Forest Management and Ruffed Grouse Populations in a Minnesota Coniferous Forest
Abstract:Fluctuations of ruffed grouse (Bonasa umbellus (L)) populations resulted from forest management and changes in stand composition on two study areas, each about 259 hectares in size. An important factor influencing ruffed grouse populations is the presence or absence of aspen (Populus tremuloides Michx.; P. grandidentata Michx.) in forest stands. Dense young aspen sapling and pole stands provide cover where grouse are relatively secure from predation, while the presence of mature aspen provides high-value winter food. Management that favors conifers reduces ruffed grouse habitat.
Document Type: Journal Article
Affiliations: Professor, Department of Forest Resources, College of Forestry, University of Minnesota
Publication date: August 1, 1983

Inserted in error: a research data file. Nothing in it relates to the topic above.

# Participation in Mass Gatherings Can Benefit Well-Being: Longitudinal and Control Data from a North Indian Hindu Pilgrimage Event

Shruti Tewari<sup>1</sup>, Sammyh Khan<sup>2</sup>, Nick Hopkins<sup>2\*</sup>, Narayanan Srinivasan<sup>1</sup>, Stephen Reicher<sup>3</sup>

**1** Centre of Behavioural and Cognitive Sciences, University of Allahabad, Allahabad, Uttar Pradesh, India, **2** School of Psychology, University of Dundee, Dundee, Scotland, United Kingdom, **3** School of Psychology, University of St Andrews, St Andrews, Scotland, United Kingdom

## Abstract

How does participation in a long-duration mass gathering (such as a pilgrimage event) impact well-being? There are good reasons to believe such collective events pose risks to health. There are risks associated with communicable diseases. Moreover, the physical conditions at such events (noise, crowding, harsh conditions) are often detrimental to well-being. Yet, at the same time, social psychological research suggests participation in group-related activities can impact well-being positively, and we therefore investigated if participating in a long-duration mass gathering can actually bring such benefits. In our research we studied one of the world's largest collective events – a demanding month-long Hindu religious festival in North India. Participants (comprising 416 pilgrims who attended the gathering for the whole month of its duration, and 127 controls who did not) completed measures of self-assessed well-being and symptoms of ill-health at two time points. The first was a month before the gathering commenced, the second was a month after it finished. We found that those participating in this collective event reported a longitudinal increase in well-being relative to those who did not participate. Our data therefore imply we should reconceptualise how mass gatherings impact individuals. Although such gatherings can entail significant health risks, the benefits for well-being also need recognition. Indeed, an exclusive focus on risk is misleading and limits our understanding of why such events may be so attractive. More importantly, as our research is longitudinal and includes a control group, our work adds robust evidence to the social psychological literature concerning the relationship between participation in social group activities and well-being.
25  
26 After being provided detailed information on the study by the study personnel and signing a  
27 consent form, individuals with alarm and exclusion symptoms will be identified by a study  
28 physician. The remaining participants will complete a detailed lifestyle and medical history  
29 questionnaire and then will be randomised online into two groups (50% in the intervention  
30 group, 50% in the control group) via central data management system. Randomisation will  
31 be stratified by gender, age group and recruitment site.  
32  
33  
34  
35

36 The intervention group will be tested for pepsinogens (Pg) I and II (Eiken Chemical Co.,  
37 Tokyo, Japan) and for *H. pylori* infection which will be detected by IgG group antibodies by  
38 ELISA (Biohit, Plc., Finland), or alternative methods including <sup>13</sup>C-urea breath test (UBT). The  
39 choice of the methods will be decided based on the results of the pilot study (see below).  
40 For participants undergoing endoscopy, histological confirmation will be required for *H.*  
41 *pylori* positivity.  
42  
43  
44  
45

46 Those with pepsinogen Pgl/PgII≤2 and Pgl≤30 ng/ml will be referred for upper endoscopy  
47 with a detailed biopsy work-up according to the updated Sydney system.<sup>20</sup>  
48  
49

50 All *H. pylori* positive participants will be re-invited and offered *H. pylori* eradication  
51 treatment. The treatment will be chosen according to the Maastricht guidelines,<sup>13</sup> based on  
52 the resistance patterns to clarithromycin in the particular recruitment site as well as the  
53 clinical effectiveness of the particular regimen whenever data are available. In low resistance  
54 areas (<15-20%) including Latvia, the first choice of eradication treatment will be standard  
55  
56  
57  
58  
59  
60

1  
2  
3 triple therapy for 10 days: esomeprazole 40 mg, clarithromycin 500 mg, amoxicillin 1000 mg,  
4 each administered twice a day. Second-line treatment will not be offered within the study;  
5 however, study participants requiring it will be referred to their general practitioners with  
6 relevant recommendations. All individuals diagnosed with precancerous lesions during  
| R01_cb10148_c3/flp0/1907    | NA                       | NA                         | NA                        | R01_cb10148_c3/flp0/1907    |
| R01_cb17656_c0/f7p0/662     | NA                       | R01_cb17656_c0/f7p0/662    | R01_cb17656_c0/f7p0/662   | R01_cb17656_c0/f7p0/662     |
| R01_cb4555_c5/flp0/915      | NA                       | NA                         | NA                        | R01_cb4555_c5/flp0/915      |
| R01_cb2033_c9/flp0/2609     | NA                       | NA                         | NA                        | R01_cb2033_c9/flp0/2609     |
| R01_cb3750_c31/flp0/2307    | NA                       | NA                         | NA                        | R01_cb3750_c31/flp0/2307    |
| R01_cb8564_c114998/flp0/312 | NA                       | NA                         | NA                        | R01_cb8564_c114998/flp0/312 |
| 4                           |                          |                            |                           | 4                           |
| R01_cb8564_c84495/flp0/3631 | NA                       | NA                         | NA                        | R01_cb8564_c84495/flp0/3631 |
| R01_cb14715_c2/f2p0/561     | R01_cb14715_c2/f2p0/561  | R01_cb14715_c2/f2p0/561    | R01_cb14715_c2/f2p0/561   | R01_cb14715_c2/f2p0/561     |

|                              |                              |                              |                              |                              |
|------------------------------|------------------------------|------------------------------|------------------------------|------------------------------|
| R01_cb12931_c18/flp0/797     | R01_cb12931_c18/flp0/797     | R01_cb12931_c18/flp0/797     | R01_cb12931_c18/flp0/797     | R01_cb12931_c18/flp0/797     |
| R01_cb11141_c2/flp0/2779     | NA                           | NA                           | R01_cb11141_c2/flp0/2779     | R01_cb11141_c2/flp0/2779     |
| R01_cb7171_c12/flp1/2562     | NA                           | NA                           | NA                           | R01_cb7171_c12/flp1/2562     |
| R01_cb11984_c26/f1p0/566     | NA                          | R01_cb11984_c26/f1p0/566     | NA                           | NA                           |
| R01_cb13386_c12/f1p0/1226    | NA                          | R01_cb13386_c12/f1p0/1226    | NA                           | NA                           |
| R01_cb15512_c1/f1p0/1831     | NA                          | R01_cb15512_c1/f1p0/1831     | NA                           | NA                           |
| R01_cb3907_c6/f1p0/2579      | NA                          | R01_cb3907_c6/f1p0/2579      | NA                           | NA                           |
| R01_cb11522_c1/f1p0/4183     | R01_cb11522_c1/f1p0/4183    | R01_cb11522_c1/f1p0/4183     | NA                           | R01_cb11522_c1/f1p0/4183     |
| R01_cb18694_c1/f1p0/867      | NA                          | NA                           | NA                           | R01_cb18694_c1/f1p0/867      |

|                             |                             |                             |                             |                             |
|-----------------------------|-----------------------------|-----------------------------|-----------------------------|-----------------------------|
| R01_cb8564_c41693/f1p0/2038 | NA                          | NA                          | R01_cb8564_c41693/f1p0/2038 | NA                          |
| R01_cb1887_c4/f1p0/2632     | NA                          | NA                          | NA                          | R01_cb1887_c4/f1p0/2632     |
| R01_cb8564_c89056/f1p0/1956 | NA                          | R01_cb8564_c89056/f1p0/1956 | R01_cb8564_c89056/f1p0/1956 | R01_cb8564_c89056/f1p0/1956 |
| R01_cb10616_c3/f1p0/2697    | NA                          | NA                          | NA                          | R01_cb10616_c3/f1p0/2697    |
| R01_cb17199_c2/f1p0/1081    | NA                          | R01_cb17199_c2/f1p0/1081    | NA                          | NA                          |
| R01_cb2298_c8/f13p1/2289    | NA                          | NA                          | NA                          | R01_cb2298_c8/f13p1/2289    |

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- The Journal of Forestry is the most widely circulated scholarly forestry journal in the world. In print since 1902, the Journal has received several national awards for excellence. The mission of the Journal of Forestry is to advance the profession of forestry by keeping forest management professionals informed about significant developments and ideas in the many facets of forestry: economics, education and communication, entomology and pathology, fire, forest ecology, geospatial technologies, history, international forestry, measurements, policy, recreation, silviculture, social sciences, soils and hydrology, urban and community forestry, utilization and engineering, and wildlife management. The Journal is published bimonthly: January, March, May, July, September, and November.
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